One of the key traits of people who have personality disorders is that they lack personal insight and are not self-aware, which makes it very difficult for change to occur and is one of the reasons they go through life attracting the same types of relationships and repeatedly stumbling on the same obstacles.

Relationships with people with a personality disorder can work, although, for them to be healthy and long-term both partners need to remove any expectations they may have of what a “normal” relationship should look like, and focus their attention on building firm foundations for the relationship they have. This includes putting firm boundaries in place about what is acceptable and what is not. When we are working on an unconditional loving relationship, it can be difficult to understand how boundaries can work, as it almost seems a contradiction.

Boundaries in these types of relationships can be built around shared morals and values. For example, for the relationship to work there may be an understanding that compulsive lying, cheating, emotional abuse or violence is not tolerated. The people involved in the relationship can then work out ways to work together on all other issues without negative judgment or resentment creeping in, but if the main boundaries are broken, it can be very difficult to maintain a healthy, nourishing relationship. If they are broken, the person who breaks them should be held accountable, otherwise, they will very quickly mean very little and it may set up a precedent for them to be regularly flaunted.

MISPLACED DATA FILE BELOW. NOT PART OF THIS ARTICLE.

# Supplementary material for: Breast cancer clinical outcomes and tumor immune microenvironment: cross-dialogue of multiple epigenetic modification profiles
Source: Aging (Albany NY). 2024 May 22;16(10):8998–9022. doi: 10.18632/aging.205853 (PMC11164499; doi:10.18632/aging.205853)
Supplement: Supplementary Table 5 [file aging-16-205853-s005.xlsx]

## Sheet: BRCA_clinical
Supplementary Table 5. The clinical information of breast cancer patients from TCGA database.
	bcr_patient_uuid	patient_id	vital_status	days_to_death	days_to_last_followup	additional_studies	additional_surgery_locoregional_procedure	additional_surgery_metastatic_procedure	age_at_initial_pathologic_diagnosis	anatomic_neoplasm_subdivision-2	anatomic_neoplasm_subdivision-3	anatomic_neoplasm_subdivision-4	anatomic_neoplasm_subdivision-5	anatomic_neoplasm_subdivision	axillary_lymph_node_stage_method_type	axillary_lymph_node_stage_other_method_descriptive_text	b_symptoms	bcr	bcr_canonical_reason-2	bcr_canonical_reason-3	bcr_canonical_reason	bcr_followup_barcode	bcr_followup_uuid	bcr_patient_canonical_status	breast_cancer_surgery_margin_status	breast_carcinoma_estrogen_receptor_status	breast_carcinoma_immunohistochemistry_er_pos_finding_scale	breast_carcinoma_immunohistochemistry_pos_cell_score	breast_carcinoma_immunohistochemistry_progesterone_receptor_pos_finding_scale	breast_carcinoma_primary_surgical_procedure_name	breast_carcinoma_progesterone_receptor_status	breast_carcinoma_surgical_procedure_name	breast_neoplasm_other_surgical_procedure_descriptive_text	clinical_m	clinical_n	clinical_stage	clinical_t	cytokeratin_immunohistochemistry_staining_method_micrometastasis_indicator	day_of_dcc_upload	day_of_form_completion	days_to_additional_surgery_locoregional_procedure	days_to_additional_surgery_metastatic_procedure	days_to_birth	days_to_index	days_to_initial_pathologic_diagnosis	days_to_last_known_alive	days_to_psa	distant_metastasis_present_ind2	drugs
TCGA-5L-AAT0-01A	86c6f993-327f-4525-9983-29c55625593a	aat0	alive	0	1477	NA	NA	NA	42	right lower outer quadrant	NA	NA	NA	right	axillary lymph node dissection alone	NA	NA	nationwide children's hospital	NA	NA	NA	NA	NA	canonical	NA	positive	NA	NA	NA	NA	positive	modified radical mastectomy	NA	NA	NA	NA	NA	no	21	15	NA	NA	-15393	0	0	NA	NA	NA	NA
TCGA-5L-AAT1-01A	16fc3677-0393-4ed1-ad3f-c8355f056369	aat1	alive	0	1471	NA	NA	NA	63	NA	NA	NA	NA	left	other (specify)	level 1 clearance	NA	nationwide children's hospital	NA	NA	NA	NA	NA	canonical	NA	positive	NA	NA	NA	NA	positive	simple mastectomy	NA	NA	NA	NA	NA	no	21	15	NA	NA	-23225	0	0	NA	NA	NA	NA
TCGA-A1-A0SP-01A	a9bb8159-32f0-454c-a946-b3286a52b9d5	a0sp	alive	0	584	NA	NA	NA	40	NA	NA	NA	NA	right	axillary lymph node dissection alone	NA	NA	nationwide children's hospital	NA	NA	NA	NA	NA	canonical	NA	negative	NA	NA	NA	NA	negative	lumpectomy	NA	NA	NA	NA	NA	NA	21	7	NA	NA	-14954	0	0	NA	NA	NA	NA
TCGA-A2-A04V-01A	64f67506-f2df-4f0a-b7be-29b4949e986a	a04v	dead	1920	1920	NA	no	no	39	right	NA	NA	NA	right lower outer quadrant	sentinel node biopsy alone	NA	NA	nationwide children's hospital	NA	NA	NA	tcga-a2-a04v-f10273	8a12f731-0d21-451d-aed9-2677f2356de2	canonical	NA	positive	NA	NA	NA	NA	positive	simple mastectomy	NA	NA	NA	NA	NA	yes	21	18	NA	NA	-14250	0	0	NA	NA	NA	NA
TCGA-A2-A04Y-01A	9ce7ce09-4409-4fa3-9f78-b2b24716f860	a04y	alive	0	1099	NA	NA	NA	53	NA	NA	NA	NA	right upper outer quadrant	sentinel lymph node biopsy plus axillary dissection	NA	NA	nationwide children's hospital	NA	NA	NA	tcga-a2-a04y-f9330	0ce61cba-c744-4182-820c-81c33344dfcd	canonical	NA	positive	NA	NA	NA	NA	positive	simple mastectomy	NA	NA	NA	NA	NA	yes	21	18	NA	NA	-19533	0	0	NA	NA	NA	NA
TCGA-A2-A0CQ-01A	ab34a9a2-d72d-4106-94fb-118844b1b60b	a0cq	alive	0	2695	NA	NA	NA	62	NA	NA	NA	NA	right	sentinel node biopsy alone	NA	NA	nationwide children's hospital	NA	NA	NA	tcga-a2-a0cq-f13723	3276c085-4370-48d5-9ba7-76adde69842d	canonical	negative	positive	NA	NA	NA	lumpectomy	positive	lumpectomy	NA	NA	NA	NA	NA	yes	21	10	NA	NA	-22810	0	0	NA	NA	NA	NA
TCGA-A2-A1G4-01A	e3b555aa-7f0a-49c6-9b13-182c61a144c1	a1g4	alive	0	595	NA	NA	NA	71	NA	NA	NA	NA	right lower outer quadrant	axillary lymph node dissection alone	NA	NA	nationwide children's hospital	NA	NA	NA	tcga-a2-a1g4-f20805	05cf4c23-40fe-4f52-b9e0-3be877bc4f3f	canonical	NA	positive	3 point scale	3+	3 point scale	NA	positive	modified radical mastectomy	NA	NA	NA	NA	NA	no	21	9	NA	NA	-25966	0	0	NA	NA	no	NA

It is also possible for the person who does not have a personality disorder to understand that the way their partner is acting is not a personal assault on them. The behaviors they are expressing have often been repeated over and over for so many years that they eventually feel that’s the natural way to exist, and it will take time and effort to re-train them to new ways of reacting and responding. It is an unlearning process of everything they have spent their lives learning, so miracles cannot be expected and patience and compassion coming from the non-personality disorder partner will be essential.

There are many support systems in place in a lot of communities and also on the internet, so I would recommend that advice from a counselor or therapist is sought, whether together or separately. If the person with the personality disorder is willing to take measures to work on the relationship and take accountability for their behavior, this in itself is a major step and as long as it is genuine, and not done just for temporary relief in the relationship, or to gain in any way, there is a chance that the relationship can thrive.

The difficulty with dealing with someone with a personality disorder is that unless we are a mental health professional, it is not our place to diagnose anyone, nor should we be judgmental or put someone down who we believe to have a Cluster B (characterized by dramatic, overly emotional or unpredictable thinking or behavior) personality. Neither is it our place to “fix” someone, because unless they want to change, there will be very little we can do.